|What Is Hydraulic Fracturing and What It Is Used For|
Hydraulic fracturing or a frac job is the process of using water and sand, along with a small amount other chemicals forced at extremely high pressure from the surface, down a newly drilled and cased oil or gas well. Using a system of multiple high pressure pumps, tanks and lines, the frac fluid is forced into the rock formation where oil or natural gas is present. The force of the fluid opens up tiny cracks and fissures between the grains of the rock and expands upon the natural permeability of the reservoir. Permeability is simply how well a fluid or gas (such as oil or natural gas) can travel through the rock. Forcing high pressure fluid opens up more channels for the oil or natural gas to flow out of. Hydraulic fracturing is often done in stages, with different pressures and fluid additives used at each stage. Below is a video of the process of fracking a well.
One additive that is used to keep the fissures open are tiny spherical frac beads. Frac beads that are used are made of several substances, including glass, polystyrene, and ceramic material. These tiny round beads, similar in size to a grain of sand, help hold the fractured rock open permanently. This type of additive is known as a proppant. Sand can also be used as a proppant in a hydraulically fractured well.
Environmental Concerns About Hydraulic Fracturing
A frac job done in a shale formation, such as the Eagle Ford shale, involves as much as six million gallons or more of water that is pumped down the newly drilled oil or gas well. The fact that valuable surface or groundwater water is used, and the fact that some chemicals are added to hydraulic fracturing fluid has caused concern from many environmental groups in areas where shale oil and gas drilling is occurring. It should be noted that there are very strict EPA and state regulations concerning water use and disposal and that natural gas drilling uses much less surface water and produces less waste than coal mining. Hydraulic fracturing has been used in horizontal and vertical oil and gas wells for over sixty years, and as was stated in hearings recently in Washington, has not resulted in a single case of groundwater contamination. There has however, been a handful of cases of groundwater contamination from an unrelated procedure known as water injection, as used in secondary recovery of oil and gas from old wells.
Hydraulic fracturing has been done successfully for years in states such as Texas, where it is heavily regulated by the Texas Railroad Commission. Smaller states, such as West Virginia have had to scramble to create agencies to monitor the oil and gas industry, which is relatively new to their states. As these states develop the same intense regulatory structures needed to regulate procedures such as hydraulic fracturing then possibly many public concerns about safety of the procedure will diminish. Many states have enacted legislation which requires oil and gas companies to disclose all chemicals used in frac jobs. Recently Texas passed House Bill 3328, which requires a full disclosure of all chemicals used.
Not The Same Thing.
Enhanced oil recovery or secondary recovery, using water injection, is the process of using high pressure water, pumped through injection wells into oil reservoirs and shallow coal beds, or into seams of shallow uranium bearing sand to increase production from existing wells. Water injection has caused some wells to be contaminated in isolated cases. These are most often the cases that environment groups point to, and show videos of, featuring colored tap water coming from rural home faucets. It is very important to realize that this is not caused by hydraulic fracturing. Hydraulic fracturing and Secondary Recovery are not the same thing.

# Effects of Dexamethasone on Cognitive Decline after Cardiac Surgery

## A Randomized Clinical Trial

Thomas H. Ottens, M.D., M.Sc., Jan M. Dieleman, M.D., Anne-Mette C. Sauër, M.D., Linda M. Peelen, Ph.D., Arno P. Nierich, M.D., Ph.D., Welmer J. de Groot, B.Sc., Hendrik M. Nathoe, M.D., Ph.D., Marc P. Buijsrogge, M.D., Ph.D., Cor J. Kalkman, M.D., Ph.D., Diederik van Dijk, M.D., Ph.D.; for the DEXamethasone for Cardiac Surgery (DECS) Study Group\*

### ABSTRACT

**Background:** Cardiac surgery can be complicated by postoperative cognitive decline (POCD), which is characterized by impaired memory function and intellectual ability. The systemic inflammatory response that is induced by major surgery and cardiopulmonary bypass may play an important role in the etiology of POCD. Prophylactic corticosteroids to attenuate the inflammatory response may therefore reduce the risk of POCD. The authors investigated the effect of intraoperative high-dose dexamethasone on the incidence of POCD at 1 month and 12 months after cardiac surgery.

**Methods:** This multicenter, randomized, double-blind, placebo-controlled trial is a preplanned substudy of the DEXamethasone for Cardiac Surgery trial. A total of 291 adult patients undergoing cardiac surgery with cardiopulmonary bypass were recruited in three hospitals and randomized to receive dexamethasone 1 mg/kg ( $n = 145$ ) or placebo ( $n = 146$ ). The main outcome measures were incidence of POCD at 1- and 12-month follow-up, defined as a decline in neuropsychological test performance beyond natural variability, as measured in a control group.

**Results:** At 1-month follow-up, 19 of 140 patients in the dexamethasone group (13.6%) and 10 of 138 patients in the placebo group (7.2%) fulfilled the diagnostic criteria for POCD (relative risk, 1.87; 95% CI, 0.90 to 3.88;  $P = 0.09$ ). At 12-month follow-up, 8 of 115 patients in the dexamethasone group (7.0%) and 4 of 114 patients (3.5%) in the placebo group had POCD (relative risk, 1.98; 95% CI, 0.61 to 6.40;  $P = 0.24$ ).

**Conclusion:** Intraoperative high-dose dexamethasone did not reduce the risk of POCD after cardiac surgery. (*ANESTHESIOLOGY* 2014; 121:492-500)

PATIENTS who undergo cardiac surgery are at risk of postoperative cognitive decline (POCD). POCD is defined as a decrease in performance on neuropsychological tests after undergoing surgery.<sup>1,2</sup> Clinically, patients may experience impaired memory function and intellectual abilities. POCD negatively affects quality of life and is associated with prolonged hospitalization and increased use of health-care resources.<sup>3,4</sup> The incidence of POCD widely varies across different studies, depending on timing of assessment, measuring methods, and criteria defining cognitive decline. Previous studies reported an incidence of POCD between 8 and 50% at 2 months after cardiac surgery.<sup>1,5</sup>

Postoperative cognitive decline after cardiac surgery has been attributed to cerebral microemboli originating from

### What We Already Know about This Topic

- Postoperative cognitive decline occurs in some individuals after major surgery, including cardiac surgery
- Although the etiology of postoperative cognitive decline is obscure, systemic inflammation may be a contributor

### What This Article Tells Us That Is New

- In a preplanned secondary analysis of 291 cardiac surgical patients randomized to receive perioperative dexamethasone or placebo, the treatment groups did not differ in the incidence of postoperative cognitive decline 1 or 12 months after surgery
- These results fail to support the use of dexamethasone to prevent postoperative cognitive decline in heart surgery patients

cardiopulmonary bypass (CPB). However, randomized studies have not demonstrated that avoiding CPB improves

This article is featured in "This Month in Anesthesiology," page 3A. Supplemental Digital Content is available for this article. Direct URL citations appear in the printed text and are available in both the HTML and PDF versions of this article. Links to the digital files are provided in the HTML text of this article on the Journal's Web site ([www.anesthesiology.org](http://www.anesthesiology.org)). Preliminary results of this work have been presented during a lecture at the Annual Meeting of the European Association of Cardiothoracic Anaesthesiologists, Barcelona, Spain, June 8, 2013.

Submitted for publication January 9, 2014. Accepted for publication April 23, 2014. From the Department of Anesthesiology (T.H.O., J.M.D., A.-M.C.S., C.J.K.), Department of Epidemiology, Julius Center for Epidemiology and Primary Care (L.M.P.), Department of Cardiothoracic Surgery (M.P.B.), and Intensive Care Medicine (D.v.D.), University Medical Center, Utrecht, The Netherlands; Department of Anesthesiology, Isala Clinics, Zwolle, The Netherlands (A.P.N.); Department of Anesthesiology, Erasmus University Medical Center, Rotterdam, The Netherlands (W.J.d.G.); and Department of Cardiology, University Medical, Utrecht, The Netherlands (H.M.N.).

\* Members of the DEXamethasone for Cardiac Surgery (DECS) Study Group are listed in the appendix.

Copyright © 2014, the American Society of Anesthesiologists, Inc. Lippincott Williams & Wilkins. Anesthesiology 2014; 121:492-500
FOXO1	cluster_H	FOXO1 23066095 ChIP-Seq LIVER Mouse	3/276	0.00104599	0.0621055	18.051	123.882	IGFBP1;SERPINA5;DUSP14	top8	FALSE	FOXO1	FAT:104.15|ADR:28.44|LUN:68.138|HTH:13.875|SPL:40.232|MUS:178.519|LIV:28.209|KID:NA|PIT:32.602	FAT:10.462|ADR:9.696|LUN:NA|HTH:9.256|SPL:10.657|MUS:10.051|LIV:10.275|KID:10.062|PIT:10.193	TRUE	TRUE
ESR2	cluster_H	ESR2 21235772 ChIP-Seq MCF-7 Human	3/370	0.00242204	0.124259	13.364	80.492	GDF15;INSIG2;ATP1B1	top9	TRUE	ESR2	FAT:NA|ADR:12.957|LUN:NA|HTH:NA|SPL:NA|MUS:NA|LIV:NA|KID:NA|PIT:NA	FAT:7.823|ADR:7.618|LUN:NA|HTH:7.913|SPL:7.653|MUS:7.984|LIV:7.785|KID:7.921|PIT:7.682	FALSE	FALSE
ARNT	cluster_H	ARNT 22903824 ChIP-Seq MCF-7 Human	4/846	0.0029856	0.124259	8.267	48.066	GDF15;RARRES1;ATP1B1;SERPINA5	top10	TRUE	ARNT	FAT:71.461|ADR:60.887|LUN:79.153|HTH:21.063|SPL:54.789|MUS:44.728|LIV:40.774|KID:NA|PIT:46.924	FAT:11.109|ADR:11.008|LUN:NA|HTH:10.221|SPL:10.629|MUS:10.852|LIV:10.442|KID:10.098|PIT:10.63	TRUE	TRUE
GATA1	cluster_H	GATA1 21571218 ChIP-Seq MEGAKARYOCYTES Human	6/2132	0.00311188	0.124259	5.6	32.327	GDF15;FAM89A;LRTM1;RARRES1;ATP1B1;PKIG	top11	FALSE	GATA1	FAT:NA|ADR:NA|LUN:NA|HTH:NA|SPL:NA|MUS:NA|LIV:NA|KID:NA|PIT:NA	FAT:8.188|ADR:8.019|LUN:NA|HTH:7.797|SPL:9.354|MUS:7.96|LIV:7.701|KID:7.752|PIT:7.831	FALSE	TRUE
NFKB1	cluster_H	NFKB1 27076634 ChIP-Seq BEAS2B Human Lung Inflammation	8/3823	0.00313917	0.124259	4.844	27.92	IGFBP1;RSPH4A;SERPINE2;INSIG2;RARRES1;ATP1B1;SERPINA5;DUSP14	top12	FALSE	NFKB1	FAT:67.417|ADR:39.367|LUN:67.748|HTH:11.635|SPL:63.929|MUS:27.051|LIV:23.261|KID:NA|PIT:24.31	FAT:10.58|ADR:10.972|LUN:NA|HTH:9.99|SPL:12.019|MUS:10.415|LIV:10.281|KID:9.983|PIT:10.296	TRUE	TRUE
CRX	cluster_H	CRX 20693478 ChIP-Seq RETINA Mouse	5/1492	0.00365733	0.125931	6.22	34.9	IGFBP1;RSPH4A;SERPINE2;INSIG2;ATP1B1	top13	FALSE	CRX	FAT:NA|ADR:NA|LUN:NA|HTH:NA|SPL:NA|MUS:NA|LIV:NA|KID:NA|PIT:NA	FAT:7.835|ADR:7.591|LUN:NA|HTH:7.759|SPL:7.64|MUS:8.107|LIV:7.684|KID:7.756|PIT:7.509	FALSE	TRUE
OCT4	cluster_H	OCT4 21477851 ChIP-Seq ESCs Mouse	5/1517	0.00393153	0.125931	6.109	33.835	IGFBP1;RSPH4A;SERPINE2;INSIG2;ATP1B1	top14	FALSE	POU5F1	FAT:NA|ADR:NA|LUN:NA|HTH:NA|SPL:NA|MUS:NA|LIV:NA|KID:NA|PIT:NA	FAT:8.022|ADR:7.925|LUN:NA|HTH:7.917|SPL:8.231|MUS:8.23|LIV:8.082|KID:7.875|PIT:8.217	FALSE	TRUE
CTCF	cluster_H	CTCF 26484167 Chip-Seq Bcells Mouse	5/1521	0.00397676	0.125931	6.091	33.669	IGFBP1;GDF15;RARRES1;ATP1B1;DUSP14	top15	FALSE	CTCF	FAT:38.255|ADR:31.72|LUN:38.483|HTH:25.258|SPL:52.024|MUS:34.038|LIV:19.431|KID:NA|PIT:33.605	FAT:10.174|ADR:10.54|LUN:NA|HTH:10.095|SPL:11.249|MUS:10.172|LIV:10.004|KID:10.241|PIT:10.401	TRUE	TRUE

Environmentalists have pointed to several potentially dangerous chemicals such as benzene, toluene, naphthalene, trimethylnapthalene, ethylbenzene and xylene that have been used in hydraulic fracturing according to EPA records. It should be noted that most of these chemicals are not used presently in frac jobs in the Marcellus shale. One reason is because it is often cheaper and requires less paperwork and oversight to use more benign products that work just as well. There is a lot of misinformation out there. Chesapeake's Hydraulic Fracturing Facts has done an excellent job of explaining the hydraulic fracturing process on their website. None of the chemicals most often cited by some groups opposed to the process are used in Marcellus shale wells by Chesapeake Energy, the largest operator in the area.
Water and sand make up 99.5% of the frac fluid. The other one half of one percent of hydraulic fracturing fluid contains chemicals that are used in everyday products such as cosmetics and swimming pool cleaners. As much as six million gallons or more of water may be used from start to finish, drilling and completing an horizontal oil or gas well.
List of Hydraulic Fracturing Ingredients that Make up .5 percent Of Fluid
Most of these chemicals remain locked in the reservoir permanently. Somewhere of around 40% or more of frac water is returned to the surface as "produced water". This water may contain high levels of chlorides and other pollutants which prevent it from being released into the environment. Produced water, which is recovered during flowback must be treated and purified before returning it to the environment or being pumped down an approved deep disposal well. A number of companies have developed treatment processes which can return produced water to municipal water quality standards, after which it is either re-used to frac new wells or released into streams. This process is being widely adopted in shale plays such as the Marcellus, where the geology is not favorable for deep injection wells.